LONDON — Individuals lost an estimated £10 billion to fraud in 2016 while the private sector lost around £144 billion, according to the Annual Fraud Indicator.
Online fraud is now the most commonly experienced crime in England and Wales, but the National Fraud Office (NAO) says not enough is being done to tackle it. Cyber-related fraud accounted for 16% of all estimated crime incidents in the year ending September 2016, with an estimated 1.9 million cases.
But since fraud is under-reported, the figures could be much higher.
“For too long, as a low value but high volume crime, online fraud has been overlooked by government, law enforcement and industry,” said Amyas Morse, head of the NAO. “It is now the most commonly experienced crime in England and Wales and demands a more urgent response,” he said.
In almost 40% of cases, individuals reported losses of £250 or more. Meanwhile, there has been an increase of 103% in cases of “card not present” fraud, which includes internet fraud, between 2011 and 2014.
The NAO is concerned that resources to tackle online fraud are insufficient, and has criticised the Home Office’s response as “not proportionate.” While one in six police officers’ main role was neighbourhood policing in 2016, it said, only one in 150 police officers’ main role was economic crime. But the total number of fraud incidents has been rising steadily since 2012.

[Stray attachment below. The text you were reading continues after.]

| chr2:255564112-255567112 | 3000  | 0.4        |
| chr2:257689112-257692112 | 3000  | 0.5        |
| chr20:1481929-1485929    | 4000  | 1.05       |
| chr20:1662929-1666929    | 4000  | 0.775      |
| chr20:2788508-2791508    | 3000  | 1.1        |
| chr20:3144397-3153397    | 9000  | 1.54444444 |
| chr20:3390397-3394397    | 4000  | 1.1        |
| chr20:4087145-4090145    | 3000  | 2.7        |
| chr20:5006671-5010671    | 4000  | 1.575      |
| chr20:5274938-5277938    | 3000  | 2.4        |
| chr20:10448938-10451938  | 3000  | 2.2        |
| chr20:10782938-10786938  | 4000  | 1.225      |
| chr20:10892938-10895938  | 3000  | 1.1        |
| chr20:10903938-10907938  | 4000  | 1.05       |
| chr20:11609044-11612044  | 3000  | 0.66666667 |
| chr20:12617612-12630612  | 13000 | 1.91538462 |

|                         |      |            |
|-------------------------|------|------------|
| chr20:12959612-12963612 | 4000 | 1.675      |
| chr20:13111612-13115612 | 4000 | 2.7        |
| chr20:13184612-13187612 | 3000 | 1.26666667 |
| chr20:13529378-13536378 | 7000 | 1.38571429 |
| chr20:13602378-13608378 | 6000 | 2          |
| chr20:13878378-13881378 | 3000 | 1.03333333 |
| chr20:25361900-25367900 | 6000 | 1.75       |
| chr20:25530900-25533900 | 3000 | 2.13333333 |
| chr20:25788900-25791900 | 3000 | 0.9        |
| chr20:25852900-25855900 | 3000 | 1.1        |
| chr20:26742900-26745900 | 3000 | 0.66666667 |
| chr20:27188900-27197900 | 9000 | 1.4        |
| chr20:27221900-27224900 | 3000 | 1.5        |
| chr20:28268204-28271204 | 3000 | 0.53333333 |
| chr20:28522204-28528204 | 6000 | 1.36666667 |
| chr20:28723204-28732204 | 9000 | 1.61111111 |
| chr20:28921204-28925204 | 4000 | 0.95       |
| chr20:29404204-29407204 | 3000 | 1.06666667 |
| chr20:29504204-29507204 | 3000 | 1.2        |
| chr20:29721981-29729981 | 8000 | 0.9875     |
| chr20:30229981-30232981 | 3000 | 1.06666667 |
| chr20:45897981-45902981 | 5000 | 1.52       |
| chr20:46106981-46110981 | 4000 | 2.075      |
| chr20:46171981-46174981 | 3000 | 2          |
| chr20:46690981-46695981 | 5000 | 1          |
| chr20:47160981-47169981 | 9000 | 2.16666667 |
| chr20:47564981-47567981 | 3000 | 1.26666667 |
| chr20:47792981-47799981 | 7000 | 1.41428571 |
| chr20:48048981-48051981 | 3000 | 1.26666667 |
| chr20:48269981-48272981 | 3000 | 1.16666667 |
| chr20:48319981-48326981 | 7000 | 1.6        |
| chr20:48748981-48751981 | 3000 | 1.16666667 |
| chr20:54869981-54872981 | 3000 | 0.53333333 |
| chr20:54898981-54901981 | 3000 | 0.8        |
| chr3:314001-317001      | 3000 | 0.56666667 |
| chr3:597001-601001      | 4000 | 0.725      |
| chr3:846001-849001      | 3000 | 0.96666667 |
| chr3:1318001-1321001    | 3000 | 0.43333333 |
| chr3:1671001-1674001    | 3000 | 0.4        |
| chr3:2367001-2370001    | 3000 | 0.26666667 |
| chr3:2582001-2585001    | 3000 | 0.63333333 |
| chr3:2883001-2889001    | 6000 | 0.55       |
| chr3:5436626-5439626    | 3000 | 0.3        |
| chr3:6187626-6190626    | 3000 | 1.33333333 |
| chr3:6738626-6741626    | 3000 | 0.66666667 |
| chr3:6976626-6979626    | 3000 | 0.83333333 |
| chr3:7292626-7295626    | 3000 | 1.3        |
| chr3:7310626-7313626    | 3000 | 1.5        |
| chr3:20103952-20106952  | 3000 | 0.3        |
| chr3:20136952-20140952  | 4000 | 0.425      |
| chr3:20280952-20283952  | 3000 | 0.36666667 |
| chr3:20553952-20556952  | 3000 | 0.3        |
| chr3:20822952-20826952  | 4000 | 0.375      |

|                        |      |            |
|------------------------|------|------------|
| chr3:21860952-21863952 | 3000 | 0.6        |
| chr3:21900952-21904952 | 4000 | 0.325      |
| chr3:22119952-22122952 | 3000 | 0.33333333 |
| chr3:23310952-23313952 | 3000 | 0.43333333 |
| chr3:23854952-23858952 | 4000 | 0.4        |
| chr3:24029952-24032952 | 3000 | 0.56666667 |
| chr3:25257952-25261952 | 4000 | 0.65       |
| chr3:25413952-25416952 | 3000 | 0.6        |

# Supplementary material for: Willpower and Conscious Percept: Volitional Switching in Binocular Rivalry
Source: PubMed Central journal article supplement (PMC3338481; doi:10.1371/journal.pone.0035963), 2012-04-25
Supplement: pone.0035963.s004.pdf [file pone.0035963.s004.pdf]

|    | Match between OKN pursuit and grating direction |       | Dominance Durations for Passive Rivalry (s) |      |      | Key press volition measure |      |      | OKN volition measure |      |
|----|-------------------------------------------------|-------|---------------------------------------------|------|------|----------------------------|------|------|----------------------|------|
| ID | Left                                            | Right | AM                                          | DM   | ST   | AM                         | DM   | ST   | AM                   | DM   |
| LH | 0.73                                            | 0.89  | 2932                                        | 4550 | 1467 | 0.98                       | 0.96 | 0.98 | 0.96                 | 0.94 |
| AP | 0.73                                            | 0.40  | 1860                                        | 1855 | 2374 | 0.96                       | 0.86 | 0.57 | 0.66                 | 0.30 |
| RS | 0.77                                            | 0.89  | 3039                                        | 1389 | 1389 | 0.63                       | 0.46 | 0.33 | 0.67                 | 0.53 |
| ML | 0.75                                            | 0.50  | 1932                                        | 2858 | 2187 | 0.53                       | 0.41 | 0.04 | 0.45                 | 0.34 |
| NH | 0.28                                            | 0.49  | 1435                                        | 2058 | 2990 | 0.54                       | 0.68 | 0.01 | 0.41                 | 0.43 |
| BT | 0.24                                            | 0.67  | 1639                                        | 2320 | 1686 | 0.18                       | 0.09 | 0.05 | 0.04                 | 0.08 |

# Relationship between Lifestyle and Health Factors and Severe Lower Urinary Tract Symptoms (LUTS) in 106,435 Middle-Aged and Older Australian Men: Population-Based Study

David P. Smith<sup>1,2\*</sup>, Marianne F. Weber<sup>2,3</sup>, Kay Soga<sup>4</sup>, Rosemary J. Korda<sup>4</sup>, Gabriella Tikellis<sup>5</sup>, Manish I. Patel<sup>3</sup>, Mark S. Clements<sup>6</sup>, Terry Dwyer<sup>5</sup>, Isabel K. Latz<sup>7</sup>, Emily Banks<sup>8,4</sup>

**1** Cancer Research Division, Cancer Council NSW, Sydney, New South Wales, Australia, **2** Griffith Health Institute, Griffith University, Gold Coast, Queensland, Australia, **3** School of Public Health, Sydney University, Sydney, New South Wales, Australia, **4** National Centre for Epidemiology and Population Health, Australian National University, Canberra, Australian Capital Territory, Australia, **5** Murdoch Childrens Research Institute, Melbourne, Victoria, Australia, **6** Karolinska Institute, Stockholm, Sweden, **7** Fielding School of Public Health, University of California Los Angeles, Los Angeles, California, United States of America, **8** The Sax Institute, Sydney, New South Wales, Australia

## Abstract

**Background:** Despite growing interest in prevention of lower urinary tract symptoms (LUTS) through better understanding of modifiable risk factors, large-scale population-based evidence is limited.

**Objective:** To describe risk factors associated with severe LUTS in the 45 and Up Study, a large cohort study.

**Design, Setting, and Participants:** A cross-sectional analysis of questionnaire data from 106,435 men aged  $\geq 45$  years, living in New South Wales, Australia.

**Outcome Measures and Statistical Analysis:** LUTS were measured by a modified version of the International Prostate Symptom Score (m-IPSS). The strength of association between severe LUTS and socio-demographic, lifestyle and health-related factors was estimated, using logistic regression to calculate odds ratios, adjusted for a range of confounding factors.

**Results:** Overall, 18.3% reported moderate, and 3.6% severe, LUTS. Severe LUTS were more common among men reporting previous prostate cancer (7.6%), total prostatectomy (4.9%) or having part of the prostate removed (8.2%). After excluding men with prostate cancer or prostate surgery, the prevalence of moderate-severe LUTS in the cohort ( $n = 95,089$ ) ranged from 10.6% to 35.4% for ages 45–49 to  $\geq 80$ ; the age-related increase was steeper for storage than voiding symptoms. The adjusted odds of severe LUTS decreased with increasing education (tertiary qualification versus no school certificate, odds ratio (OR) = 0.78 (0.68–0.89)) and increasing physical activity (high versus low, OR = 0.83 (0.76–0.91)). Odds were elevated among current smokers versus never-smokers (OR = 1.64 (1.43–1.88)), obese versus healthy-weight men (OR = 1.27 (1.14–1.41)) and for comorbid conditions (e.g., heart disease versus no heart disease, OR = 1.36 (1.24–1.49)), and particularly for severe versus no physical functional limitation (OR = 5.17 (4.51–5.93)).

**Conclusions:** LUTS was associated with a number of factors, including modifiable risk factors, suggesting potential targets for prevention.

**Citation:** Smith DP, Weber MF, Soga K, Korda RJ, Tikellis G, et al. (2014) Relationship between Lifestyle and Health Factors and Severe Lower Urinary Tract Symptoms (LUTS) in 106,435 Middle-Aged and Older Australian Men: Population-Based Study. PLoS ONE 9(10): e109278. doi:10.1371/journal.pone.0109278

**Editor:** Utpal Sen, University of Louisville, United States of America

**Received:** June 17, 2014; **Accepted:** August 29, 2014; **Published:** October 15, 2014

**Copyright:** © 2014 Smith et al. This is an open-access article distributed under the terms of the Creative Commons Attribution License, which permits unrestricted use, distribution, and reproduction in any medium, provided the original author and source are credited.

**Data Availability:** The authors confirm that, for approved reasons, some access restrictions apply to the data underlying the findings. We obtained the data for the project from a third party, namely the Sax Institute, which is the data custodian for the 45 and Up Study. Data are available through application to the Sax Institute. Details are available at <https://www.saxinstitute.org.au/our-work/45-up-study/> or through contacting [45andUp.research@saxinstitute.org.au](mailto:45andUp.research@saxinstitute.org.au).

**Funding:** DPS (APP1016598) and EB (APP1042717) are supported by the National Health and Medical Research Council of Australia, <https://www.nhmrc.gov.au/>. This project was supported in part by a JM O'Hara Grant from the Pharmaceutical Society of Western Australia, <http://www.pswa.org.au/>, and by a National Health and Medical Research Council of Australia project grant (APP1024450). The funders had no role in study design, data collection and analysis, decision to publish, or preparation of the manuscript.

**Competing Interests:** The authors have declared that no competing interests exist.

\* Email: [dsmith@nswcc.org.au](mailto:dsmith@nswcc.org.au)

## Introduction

“While the Department is not solely responsible for reducing and preventing online fraud, it is the only body that can oversee the system and lead change,” said Morse. “The launch of the Joint Fraud Taskforce in February 2016 was a positive step, but there is still much work to be done. At this stage it is hard to judge that the response to online fraud is proportionate, efficient or effective,” he said.
The NAO has found that the government’s Taskforce is too narrowly focussed on banking, and relies too heavily on voluntary participation from industry and law enforcement.
An estimated £130 million are currently held in banks that cannot accurately be traced back and returned to fraud victims. The NAO said one challenge was persuading banks and other law enforcement bodies to take on responsibility for preventing and reducing fraud.
Other findings include:
- Data-sharing between agencies is poor.
- There are currently no official statistics for fraud losses incurred by either individual banks or businesses.
- There is no legal requirement for banks to report fraud or share reports with government.
According to the NAO, these issues have made the scale of the problem difficult to gauge, and a proportionate response difficult to plan. The increase in online fraud, it said, suggests that people are unaware of the risks and policing is insufficient.
In the year to 30 September 2016, 6.3% of adults were victims of fraud, rising to 7.9% of people between 25 and 34.
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